Irrfan Khan, Thank You For Teaching Us That The 'Unexpected' Helps Us Grow

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*For representational purpose only.

29.04.2020, 11.31 am

Mumbai, India

First, the good news: things are better today. According to Faye D’souza at least. Himachal Pradesh hasn’t had a positive case in 5 days even though they are testing very actively. Assam is giving Rs. 50L worth of insurance to their journalists who are on the field reporting the news right now - information is an essential commodity. I’m just happy to know that there’s humanity left in some of us still. 

Best news though? We are moving towards flattening the curve more and more - today, we are seeing the doubling of cases every 10.2 days, it was 7 days earlier and the recovery rate of patients is 23%. 23% of the coronavirus infected patients are recovering and going home from the hospitals. We also have home testing kits available now and it’s encouraged if you have a house to yourself and you are somehow mildly infected, you self-quarantine instead of getting admitted to the hospitals. After all, it’s a tiny percentage (5%) of us in the country who are capable of self quarantining without spreading the virus inside our homes. 

But hey, life is not all hale and hearty, especially right now. Hopefully, with the bad, come the lessons. That’s what I’m going to attempt here now. 

So, bad news? Just like us, common everyday people, who are using the pandemic to feel emotions we’ve never felt before, calling our exes and blaming it on the pandemic, the lockdown is being misused to set some political scores. How I wish, lockdown meant lockdown of all kinds of demons in this country too. What would arresting people from the riots that happened in February help anybody right now? Lockdown must mean a steep decline in crimes too, right? I know this is a complex issue for any kind of government in this world to take care of but I do wish we could just stick to the goal right now, of eradicating the virus and reviving the economy sooner rather than later. I don’t know much about politics, however, I do know, that antagonizing communities has helped nobody ever in all of history.

More bad news? We lost Irrfan Khan. In the morning, I read about him getting admitted to a hospital and I took a break from writing to cook breakfast for me and my sister, and this happened. I came back to my laptop and read the tweets about Bollywood’s massive loss. I don’t know what to feel right now, and how to feel it. Been a while since I’ve felt so numb. We don’t have many role models in Bollywood, you see. And unfortunately, it’s the industry that has massive power to influencer mindsets in this country. We do have A-star actors who know they are famous, but Irrfan Khan, he was an artist, and more than that, he was a good human being. 

When I sat down to write today, I had something else in mind. I didn’t know that in the middle of me writing this journal entry, making poha, and planning the rest of the day, this could have happened. This was as unexpected as waking up one day and realizing we’re in the midst of a pandemic that was a joke until a month ago.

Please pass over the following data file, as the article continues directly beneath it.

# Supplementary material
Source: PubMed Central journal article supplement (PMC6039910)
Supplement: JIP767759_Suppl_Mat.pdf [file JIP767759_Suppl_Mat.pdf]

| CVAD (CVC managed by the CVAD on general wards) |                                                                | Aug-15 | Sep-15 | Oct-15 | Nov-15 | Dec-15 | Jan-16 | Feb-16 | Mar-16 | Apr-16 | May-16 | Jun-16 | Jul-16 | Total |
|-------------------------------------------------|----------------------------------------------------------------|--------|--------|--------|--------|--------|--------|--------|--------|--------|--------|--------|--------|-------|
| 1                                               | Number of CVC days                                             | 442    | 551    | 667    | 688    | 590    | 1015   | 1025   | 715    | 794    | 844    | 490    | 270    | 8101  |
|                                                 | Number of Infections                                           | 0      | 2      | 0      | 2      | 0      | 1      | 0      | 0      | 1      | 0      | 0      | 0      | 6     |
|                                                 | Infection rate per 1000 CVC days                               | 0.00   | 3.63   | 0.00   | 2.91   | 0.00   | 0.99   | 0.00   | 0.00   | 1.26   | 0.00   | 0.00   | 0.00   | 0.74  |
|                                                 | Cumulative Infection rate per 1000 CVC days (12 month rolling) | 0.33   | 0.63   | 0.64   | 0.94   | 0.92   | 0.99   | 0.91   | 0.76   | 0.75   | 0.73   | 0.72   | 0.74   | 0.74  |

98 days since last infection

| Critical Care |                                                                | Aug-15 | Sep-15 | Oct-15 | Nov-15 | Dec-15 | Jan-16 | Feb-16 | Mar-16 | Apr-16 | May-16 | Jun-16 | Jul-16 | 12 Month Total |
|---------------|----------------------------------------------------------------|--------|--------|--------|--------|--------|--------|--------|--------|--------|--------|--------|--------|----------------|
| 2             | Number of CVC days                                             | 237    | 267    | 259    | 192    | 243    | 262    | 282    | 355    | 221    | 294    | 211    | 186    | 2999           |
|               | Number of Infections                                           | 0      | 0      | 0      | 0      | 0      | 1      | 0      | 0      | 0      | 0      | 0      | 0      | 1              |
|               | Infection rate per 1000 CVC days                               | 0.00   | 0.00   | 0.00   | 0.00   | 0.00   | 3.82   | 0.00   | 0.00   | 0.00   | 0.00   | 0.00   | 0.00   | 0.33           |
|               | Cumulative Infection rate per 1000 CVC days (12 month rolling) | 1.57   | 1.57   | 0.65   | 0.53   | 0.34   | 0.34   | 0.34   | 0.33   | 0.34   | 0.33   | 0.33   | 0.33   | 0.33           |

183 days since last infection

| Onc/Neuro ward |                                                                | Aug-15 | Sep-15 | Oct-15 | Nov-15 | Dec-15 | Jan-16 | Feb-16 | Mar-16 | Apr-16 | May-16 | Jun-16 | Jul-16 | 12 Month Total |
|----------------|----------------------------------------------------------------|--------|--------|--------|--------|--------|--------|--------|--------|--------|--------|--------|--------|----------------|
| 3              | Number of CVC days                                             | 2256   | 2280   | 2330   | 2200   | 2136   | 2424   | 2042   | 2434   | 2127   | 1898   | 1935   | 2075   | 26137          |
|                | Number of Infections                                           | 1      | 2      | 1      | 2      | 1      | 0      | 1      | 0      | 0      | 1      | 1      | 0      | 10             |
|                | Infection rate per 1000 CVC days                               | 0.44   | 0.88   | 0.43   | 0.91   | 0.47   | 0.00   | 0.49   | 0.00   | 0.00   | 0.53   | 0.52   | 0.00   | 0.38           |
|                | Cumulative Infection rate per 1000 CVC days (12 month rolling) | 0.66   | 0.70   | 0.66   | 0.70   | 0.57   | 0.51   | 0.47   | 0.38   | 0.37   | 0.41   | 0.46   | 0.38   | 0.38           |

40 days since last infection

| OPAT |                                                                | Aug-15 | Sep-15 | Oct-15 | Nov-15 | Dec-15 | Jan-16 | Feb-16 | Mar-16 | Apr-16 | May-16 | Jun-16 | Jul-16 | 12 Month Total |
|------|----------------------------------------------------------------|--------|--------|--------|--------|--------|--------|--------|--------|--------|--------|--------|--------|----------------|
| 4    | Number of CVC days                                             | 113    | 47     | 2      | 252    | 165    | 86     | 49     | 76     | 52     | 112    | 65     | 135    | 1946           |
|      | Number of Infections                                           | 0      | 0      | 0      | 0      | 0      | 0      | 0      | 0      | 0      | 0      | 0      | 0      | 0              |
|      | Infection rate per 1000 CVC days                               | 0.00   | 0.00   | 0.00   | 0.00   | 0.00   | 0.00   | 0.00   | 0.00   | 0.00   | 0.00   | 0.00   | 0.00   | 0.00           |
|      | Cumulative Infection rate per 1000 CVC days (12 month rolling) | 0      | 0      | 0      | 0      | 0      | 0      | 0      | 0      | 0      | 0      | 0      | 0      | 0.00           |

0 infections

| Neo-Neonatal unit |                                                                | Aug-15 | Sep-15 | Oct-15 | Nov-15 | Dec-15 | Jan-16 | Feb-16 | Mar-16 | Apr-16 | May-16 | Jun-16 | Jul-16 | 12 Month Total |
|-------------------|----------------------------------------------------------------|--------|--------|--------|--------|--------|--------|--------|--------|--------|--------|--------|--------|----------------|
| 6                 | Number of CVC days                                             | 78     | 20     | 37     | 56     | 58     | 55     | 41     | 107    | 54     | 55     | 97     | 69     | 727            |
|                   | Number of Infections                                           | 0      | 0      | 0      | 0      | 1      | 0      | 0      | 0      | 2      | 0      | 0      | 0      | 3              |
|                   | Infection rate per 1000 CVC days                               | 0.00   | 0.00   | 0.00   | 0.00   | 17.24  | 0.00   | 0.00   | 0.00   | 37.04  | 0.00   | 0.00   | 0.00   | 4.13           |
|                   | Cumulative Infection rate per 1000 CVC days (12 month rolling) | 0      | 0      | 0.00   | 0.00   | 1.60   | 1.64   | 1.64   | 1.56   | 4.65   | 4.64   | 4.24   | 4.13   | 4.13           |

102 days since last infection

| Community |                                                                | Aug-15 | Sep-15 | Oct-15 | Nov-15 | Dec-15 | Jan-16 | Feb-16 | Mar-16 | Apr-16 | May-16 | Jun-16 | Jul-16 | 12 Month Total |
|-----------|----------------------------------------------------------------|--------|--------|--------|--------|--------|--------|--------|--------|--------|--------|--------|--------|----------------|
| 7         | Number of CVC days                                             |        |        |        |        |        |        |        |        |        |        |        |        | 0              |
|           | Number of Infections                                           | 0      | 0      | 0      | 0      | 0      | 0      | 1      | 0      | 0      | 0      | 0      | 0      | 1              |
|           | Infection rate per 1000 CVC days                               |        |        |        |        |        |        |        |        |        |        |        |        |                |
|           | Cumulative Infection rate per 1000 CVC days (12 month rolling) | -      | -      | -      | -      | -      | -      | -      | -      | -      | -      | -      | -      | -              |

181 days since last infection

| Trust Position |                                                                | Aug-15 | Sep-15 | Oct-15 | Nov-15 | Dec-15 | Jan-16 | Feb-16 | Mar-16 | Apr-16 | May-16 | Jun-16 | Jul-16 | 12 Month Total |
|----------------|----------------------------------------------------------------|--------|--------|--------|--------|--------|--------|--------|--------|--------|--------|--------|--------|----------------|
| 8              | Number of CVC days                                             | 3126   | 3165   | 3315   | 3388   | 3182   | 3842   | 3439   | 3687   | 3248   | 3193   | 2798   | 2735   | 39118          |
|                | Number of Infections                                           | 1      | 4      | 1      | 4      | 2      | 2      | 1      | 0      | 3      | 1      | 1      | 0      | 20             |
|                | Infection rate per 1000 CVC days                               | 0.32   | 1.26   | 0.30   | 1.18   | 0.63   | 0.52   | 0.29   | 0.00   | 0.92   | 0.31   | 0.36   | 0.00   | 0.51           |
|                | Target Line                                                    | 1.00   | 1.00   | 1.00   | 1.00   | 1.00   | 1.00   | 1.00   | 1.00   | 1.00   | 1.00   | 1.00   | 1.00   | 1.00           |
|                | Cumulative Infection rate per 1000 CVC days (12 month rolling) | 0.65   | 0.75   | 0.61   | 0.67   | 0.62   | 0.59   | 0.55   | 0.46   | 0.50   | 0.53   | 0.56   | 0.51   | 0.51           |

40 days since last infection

Good humans shouldn’t die. I remember feeling like this when I lost my father as an 8-year-old. I had asked my cousin brother why God took away good human beings from this world. And my mature brother, like a wise man, said to me, “Beta, God has a shortage of good men, you still have all of us.” Today, cliched as it may sound, I find myself reminding my shattered heart about that moment when I stopped believing in God, and why.

There are very few good humans in this world who we can look up to and today, we lost one of them. When ridiculously famous, loved and successful people who are also great humans fail or die, it hurts. It hurts and more than that, it demotivates us from doing good. That is truly the hardest part, isn’t it? To keep going regardless. 

However, to look at the brighter side. Irrfan Khan was 53, a well-deserved Padmashri awardee, made his film debut in 1988 and spent many years after that, struggling to make a mark in the industry. Today, my sister told me that she had seen him years ago in a TV show with daddy where she had thought in her head how he was a really good looking man. It took Bollywood 13 years to notice him, only after the British film industry featured him in a film, The Warrior, in 2001. There was no looking back for him from thereon, as we know it. There came a point in his career where people have written characters keeping him in mind. Here’s where we can still believe that good things happen to good, well-meaning, individuals. 

Moral of the story? Persistence and perseverance fail nobody, but life sometimes does. That’s why it’s so important to wake up every day to work on or do things you truly love. Right now, it’s crucial. When he got Cancer in 2018, he wrote a letter to the world, that you should probably remember as his last words to you, if you’re hurting as much as I am right now. 

Now, as some international media somewhere in the world finds it crucial to report how a celebrity “led Irrfan Khan’s tribute” instead of actually paying a tribute to his work, I hope to find it in myself again to believe in doing good and being good in this big, bad status-quo driven world. 

And maybe spend today curling up in my quilt watching or thinking about his movies and wondering how soon enough, he became the reason behind every movie watched by us just because it had him in it. When this becomes the connection between an artist and his art, you know he’s done well for himself. 

Rest in peace, Irrfan Khan, thank you for leaving us with a whole lot of inspiration to follow our dreams no matter what, thank you for reminding us that passion overpowers hereditary and the ‘unexpected’ helps us grow in life just when we thought that we’d had enough. 

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